Bill Gates met with President Trump at the White House Monday. The Microsoft founder and ex-CEO, who now focuses on global philanthropy at the Gates Foundation, has expressed opposition to a number of Trump's policies in the past. Unlike current tech CEOs, who faced fierce pushback when they met with Trump, Gates' continuing engagement with the divisive president has gone relatively unremarked. Elon Musk and Uber's Travis Kalanick were roundly censured by members of the tech community, including their own employees, in a way that Gates simply hasn't been.
Microsoft's Bill Gates has warned President Trump about perils of cutting aid. They're meeting at the White House. pic.twitter.com/6yMNrDTAD8-- Tara McKelvey (@Tara_Mckelvey) March 20, 2017
The worldviews of Gates and Trump don't seem to have much overlap. For example, Donald Trump once claimed that global warming is a "Chinese hoax," whereas Gates has committed billions toward the development of clean energy technology and other measures to combat climate change, which he sees as an urgent existential threat to humanity. Gates told The Atlantic in 2015, "Realistically, we may not get more than a doubling in government funding of energy R&D -- but I would love to see a tripling, to $18 billion a year from the U.S. government to fund basic research alone."
A statement from the Gates Foundation said that the organization was "deeply troubled" by Trump's proposed budget cuts. Gates himself argued in an essay that foreign aid is good for Americans. In light of Monday's meeting with Trump, the Gates Foundation told news outlets, "The foundation has a long history of working with officials on both sides of the aisle to pursue shared priorities like global health and development and domestic education."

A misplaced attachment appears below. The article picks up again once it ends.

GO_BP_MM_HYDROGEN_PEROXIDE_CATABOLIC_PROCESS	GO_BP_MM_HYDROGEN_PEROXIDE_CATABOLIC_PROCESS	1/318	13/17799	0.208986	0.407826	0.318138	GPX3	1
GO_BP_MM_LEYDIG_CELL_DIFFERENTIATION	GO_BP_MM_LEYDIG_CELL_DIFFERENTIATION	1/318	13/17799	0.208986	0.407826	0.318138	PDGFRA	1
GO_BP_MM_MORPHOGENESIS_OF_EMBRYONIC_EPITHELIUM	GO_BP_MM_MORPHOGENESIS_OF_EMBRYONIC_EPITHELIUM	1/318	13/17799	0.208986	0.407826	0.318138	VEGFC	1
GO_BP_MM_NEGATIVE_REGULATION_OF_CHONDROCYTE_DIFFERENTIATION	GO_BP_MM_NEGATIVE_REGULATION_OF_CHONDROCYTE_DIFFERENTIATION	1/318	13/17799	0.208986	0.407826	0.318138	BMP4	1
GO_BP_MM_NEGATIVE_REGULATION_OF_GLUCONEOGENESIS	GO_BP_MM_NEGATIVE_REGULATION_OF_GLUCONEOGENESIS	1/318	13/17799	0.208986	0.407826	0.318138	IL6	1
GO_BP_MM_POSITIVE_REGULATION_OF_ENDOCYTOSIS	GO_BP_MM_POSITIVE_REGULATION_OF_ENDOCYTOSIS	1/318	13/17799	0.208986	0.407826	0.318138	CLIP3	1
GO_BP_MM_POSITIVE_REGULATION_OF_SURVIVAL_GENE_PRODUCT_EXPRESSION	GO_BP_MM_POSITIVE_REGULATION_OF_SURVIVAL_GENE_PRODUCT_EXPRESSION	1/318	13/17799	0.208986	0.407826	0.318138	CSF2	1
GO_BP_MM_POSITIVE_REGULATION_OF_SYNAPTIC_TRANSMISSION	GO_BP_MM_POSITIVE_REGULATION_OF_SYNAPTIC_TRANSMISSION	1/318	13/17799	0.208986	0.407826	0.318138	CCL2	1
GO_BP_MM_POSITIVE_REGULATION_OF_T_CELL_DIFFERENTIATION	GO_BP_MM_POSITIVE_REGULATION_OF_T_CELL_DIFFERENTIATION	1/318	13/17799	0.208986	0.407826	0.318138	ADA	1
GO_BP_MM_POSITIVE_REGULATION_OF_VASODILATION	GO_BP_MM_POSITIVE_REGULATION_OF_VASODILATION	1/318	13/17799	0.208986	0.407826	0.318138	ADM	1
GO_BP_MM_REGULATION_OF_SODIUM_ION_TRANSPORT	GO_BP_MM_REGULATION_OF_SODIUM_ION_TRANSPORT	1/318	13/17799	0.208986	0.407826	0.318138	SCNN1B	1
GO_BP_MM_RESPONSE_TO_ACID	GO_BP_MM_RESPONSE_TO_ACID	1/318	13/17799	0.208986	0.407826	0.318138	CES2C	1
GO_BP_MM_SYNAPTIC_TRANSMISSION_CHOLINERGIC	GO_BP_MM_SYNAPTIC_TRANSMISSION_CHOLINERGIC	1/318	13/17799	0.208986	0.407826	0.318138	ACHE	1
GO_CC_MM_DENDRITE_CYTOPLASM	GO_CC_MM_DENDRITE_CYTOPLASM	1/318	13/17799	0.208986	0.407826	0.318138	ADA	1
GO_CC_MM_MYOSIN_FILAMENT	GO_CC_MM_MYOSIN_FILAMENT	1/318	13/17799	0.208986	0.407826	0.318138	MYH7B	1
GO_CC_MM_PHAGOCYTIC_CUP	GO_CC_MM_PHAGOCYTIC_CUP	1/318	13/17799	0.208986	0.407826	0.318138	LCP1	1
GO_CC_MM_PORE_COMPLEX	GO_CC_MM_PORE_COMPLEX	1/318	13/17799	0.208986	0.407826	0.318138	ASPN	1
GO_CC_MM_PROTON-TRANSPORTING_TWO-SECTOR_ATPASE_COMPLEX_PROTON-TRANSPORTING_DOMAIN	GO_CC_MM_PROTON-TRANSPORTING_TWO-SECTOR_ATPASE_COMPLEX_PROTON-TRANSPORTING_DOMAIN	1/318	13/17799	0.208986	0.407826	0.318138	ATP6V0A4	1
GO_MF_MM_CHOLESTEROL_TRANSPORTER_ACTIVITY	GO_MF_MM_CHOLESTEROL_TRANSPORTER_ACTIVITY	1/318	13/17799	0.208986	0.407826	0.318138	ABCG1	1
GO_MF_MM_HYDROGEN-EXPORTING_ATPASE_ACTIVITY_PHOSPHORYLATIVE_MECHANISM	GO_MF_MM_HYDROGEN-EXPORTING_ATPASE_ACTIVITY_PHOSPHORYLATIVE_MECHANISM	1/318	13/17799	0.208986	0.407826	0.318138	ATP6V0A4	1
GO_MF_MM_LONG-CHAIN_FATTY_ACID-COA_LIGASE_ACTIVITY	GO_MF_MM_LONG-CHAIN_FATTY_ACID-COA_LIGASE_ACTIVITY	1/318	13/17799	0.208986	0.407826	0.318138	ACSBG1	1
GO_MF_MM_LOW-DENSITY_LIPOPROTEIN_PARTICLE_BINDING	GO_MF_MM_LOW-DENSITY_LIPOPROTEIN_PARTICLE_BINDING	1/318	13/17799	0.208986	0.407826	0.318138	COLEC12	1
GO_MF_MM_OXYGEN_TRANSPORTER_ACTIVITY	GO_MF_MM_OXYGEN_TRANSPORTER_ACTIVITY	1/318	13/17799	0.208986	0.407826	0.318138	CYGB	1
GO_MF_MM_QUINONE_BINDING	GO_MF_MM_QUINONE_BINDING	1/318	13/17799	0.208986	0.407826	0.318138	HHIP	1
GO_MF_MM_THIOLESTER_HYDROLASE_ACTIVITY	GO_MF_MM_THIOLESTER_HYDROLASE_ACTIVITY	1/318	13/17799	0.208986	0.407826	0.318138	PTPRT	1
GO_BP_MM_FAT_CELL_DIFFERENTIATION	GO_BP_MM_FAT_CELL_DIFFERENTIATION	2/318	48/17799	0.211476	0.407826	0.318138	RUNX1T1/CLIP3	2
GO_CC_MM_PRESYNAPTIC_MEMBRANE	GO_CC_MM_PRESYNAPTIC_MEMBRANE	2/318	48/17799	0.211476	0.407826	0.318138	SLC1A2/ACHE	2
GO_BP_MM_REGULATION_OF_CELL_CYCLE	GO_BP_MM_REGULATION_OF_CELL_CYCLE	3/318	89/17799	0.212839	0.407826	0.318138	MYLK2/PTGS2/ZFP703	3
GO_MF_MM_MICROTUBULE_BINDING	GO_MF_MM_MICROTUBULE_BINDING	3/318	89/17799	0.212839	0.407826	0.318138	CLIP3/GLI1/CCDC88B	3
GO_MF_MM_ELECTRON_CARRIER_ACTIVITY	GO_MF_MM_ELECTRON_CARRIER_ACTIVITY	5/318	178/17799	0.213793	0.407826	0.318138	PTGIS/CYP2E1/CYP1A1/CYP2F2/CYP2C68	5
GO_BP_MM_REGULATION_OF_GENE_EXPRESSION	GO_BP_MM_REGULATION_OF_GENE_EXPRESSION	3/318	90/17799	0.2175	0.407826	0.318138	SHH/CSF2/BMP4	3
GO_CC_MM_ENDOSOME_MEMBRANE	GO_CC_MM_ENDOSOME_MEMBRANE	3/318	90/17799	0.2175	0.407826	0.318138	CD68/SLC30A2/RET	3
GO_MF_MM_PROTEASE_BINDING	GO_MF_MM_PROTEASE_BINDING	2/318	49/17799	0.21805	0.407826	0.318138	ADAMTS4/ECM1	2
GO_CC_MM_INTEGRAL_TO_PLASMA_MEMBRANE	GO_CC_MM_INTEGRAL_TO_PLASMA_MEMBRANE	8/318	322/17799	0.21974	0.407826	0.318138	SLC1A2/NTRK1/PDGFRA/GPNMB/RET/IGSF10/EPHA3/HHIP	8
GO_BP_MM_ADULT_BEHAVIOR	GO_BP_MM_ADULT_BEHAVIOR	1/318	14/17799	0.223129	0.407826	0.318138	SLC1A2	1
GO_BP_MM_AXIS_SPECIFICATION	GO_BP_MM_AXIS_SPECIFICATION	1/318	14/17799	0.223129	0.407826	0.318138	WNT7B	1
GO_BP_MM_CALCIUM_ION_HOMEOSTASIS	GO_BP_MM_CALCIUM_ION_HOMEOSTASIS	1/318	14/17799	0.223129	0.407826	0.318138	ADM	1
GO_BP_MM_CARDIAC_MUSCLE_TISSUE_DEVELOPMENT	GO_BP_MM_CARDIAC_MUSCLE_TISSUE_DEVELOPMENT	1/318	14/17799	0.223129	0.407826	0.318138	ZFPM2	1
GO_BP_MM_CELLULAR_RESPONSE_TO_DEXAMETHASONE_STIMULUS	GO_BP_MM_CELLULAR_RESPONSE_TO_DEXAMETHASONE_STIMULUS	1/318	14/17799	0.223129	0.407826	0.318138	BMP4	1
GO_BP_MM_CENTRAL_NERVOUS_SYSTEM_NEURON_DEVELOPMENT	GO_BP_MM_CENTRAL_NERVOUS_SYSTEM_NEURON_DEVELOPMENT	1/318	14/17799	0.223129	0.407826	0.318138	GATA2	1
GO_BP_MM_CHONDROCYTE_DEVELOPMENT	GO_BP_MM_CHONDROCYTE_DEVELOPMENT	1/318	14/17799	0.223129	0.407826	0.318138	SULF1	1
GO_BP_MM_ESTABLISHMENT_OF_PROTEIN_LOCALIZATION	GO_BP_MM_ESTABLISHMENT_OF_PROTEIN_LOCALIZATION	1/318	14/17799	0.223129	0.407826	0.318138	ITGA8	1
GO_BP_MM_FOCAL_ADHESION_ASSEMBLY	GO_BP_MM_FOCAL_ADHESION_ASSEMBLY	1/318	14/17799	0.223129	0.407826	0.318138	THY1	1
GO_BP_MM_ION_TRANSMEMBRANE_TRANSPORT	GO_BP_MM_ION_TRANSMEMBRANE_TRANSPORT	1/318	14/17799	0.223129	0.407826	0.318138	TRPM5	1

Both Elon Musk and Travis Kalanick have disavowed aspects of Trump's platform, so the mere fact of expressing political differences can't be the deciding factor in terms of which prominent tech figures are criticized. It may be that Gates no longer has the employee "constituents" who would agitate against this move, or that the preponderance of the youth-skewed tech industry's denizens don't identify with someone whose commercial heyday was decades ago.
Perhaps more importantly, Gates doesn't stand to personally benefit from being viewed favorably by the Trump administration, unlike the owners of government- or regulation-dependent businesses, which SpaceX and Uber are. When he says he's talking to Trump in hopes of influencing him on important matters, it's easy to take him at face value.